Vermont's concussion law gets tougher with sideline coverage mandate

 - MRI brain study
Source: Siemens Healthcare

Subject of several studies presented at the recent meeting of RSNA, the effects of high school contact sports on brain physiology are beginning to be recognized by public policymakers.

Next July a key provision in what is considered to be one of the nation’s toughest concussion laws goes into effect when Vermont schools that sponsor collision sports such as football and hockey are required to have someone trained in concussion protocol present at every game.  

This sideline coverage mandate—which includes a training course provided online by the Centers for Disease Control and Prevention—is just one piece of the legislation passed in 2013. While many laws (such as Vermont’s old law) simply require getting concussed players removed from games, a doctor’s note to allow them to return to the playing field, and some minimal education about concussions, the Vermont law goes further, according to Alan Maynard, clinical associate professor of Rehabilitation and Movement Science at the University of Vermont, who helped craft the legislation.

For example, the law provides that family practice providers and pediatricians should be equipped with the latest return-to-play guidelines from the University of Vermont Medical Center. In addition, schools must have a concussion management plan in place detailing what takes place when a concussion occurs and what must happen before an athlete is cleared to play again.

“It definitely makes student-athletes safer, maybe even as much as the sideline coverage mandate,” said Maynard in an announcement from the University of Vermont. "Most states have laws with the three components in our old law, but not this part, which makes it one of the most comprehensive in the country.”

There has been increasing awareness over the last several years of the potential consequences of concussions suffered while playing collision sports, particularly as evidence mounts—at least among former professional football players—that playing football increases the risk of developing neurological conditions like chronic traumatic encephalopathy.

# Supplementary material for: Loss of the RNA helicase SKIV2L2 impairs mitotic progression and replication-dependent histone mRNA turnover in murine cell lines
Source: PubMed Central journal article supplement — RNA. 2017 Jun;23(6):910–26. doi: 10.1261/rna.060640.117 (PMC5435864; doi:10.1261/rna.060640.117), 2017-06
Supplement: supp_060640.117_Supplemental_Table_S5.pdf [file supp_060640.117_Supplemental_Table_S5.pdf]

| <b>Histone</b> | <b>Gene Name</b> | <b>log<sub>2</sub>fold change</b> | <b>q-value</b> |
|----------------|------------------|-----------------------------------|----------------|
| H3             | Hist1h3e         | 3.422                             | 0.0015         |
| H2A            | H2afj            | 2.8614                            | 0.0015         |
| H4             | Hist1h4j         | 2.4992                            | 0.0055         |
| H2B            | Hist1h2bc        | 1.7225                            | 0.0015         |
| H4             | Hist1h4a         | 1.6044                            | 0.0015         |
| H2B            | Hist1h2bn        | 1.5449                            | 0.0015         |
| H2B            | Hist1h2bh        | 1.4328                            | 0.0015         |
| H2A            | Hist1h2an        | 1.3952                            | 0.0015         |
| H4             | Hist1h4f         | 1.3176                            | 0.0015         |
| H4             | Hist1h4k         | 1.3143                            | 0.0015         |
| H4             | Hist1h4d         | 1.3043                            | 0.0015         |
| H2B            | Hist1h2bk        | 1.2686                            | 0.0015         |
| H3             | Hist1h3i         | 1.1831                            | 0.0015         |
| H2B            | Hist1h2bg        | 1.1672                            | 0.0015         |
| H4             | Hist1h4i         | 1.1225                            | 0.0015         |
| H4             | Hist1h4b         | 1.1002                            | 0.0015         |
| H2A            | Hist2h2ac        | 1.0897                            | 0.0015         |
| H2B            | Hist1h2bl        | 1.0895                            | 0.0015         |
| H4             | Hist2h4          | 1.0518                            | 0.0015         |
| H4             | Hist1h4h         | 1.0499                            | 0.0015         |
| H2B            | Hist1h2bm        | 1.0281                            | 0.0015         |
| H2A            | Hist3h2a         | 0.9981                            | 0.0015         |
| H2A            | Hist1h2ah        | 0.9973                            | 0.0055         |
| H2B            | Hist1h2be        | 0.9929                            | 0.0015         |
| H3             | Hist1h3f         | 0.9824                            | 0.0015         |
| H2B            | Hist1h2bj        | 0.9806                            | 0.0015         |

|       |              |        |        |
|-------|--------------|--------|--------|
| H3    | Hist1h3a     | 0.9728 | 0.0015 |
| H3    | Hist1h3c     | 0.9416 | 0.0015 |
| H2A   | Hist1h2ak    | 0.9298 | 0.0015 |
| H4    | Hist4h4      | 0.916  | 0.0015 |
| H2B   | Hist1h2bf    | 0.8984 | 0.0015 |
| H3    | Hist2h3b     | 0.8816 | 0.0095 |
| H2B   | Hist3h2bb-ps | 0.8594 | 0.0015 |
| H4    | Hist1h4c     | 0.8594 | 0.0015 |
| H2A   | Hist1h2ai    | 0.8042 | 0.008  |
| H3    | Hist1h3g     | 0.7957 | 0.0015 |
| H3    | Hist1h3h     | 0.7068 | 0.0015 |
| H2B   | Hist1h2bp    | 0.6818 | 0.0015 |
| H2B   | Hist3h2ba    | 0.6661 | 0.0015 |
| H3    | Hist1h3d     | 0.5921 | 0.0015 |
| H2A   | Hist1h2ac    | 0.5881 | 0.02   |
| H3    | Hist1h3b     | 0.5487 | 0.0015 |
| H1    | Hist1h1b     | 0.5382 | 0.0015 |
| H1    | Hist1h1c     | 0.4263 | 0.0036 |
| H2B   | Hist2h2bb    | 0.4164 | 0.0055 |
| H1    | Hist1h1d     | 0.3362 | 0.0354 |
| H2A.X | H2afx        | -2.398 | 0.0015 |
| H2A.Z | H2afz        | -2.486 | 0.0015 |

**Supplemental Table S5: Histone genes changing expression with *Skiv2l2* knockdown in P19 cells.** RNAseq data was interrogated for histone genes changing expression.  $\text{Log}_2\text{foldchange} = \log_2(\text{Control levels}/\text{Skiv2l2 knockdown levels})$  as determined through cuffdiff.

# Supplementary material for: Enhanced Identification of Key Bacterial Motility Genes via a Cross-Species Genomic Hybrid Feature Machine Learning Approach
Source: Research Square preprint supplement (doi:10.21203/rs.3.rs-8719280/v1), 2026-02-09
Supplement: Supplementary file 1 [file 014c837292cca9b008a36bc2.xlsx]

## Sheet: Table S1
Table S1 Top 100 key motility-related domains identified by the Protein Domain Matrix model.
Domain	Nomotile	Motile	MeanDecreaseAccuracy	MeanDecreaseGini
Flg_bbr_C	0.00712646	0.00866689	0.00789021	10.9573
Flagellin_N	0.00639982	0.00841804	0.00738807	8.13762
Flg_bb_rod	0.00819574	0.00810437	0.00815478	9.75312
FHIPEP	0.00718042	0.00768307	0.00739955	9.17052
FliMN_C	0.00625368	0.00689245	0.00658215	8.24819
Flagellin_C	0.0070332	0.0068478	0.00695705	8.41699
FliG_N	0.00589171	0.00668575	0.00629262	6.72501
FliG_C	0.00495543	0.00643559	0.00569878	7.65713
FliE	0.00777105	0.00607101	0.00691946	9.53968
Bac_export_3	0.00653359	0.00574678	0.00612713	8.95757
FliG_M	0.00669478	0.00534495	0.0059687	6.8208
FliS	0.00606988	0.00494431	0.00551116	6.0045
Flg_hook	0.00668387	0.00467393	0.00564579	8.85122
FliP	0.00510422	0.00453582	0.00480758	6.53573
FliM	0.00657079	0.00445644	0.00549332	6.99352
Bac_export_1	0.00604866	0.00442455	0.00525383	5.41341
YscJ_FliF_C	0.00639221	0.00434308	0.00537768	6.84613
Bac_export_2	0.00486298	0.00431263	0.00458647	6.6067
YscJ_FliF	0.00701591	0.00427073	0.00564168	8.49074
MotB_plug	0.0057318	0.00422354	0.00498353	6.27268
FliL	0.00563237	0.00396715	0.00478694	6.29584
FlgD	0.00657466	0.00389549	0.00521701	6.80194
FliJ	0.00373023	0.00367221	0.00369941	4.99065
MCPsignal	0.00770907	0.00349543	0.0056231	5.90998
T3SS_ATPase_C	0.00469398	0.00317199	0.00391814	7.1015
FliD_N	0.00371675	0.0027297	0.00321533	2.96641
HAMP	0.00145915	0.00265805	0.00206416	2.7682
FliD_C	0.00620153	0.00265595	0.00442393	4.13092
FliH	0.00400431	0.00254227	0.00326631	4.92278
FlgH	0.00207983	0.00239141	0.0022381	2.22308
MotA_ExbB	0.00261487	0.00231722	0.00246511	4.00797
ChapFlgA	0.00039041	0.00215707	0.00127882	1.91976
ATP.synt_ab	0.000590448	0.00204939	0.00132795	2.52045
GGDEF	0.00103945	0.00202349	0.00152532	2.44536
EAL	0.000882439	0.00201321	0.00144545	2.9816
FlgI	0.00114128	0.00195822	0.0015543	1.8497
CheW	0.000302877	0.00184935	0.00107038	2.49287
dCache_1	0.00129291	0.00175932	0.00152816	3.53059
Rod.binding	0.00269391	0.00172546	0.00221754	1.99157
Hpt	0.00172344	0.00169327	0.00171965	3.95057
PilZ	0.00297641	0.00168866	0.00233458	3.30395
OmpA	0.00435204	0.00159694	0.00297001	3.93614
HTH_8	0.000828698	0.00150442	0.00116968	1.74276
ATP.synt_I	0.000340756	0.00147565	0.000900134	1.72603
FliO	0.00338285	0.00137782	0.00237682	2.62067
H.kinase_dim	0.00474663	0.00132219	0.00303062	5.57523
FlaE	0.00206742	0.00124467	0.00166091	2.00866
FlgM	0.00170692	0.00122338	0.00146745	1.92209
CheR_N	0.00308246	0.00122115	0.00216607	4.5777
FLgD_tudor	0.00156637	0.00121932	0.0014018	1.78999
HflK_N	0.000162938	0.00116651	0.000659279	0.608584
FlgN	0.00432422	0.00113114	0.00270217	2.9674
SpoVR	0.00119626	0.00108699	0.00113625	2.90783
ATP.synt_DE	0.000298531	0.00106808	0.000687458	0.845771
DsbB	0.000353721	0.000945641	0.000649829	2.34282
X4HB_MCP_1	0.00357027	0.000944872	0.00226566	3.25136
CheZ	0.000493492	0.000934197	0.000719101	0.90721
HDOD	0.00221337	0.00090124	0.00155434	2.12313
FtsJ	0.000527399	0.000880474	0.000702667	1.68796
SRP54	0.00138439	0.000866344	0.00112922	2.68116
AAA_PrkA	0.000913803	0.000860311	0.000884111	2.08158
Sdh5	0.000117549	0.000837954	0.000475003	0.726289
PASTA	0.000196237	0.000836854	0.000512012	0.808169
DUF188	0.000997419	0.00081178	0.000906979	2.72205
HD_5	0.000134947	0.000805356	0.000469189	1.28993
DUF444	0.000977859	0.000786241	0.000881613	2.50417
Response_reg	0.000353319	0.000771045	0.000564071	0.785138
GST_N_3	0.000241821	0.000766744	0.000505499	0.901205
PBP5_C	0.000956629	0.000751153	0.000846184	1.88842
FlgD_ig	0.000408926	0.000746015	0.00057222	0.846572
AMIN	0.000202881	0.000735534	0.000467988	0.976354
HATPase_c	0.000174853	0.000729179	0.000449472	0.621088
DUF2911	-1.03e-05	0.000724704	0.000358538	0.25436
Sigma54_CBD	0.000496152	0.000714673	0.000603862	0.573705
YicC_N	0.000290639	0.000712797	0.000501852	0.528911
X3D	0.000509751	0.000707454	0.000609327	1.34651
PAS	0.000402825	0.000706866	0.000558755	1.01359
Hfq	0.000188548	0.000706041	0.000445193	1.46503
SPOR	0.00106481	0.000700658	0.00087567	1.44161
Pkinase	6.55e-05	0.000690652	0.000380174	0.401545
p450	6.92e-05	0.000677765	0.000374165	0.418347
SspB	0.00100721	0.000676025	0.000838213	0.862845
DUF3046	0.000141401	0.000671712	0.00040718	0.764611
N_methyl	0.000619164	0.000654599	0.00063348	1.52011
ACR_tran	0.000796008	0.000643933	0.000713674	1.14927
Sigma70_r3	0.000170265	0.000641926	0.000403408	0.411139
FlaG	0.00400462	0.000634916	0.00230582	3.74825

Now we’re seeing evidence that football players can show significant brain changes after a single season of play, even in the absence of a concussion diagnosis.

According to a study presented earlier this month at the annual meeting of the Radiological Society of North America, researchers using diffusion tensor imaging of the brain were able to determine that high school football players who experienced greater levels of head impacts in the absence of clinical concussion exhibited greater microstructural changes in the brain’s white matter than those players categorized as light hitters. Similar brain MRI changes have been previously associated with mild traumatic brain injury, tha authors noted.

The question still to be answered, according to study author, Christopher Whitlow, MD, PhD, an associate professor at the Radiology Translational Science Institute at Wake Forest Baptist Medical Center in Winston-Salem, N.C. is whether these changes in the brain are permanent and whether they are associated with changes in neurocognitive functions. 

Another paper presented at the meeting determined baseline and longitudinal differences in hippocampal subfield volumes between cohorts of non-contact sport athletes and contact sport athletes. Zeineh et al concluded that hippocampal subfield volumetry may reflect mnemonic components of sports-related cumulative mild traumatic brain injury.